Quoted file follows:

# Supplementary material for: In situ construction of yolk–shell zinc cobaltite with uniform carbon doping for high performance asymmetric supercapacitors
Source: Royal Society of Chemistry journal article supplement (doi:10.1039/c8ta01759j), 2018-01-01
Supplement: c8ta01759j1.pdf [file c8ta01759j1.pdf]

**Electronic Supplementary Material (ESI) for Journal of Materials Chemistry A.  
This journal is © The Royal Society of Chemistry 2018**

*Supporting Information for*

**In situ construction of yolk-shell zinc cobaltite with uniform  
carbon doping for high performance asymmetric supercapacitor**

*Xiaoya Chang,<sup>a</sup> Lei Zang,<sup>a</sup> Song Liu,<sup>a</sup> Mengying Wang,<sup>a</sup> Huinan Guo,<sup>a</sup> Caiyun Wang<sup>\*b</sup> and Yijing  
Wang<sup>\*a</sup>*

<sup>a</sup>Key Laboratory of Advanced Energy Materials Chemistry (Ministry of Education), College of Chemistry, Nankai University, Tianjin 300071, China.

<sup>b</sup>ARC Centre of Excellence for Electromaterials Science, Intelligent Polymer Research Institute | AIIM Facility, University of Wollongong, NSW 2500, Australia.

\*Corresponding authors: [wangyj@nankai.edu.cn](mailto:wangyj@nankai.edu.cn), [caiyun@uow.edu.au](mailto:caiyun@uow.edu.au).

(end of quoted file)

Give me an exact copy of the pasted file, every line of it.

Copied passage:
# Supplementary material for: In situ construction of yolk–shell zinc cobaltite with uniform carbon doping for high performance asymmetric supercapacitors
Source: Royal Society of Chemistry journal article supplement (doi:10.1039/c8ta01759j), 2018-01-01
Supplement: c8ta01759j1.pdf [file c8ta01759j1.pdf]

**Electronic Supplementary Material (ESI) for Journal of Materials Chemistry A.  
This journal is © The Royal Society of Chemistry 2018**

*Supporting Information for*

**In situ construction of yolk-shell zinc cobaltite with uniform  
carbon doping for high performance asymmetric supercapacitor**

*Xiaoya Chang,<sup>a</sup> Lei Zang,<sup>a</sup> Song Liu,<sup>a</sup> Mengying Wang,<sup>a</sup> Huinan Guo,<sup>a</sup> Caiyun Wang<sup>\*b</sup> and Yijing  
Wang<sup>\*a</sup>*

<sup>a</sup>Key Laboratory of Advanced Energy Materials Chemistry (Ministry of Education), College of Chemistry, Nankai University, Tianjin 300071, China.

<sup>b</sup>ARC Centre of Excellence for Electromaterials Science, Intelligent Polymer Research Institute | AIIM Facility, University of Wollongong, NSW 2500, Australia.

\*Corresponding authors: [wangyj@nankai.edu.cn](mailto:wangyj@nankai.edu.cn), [caiyun@uow.edu.au](mailto:caiyun@uow.edu.au).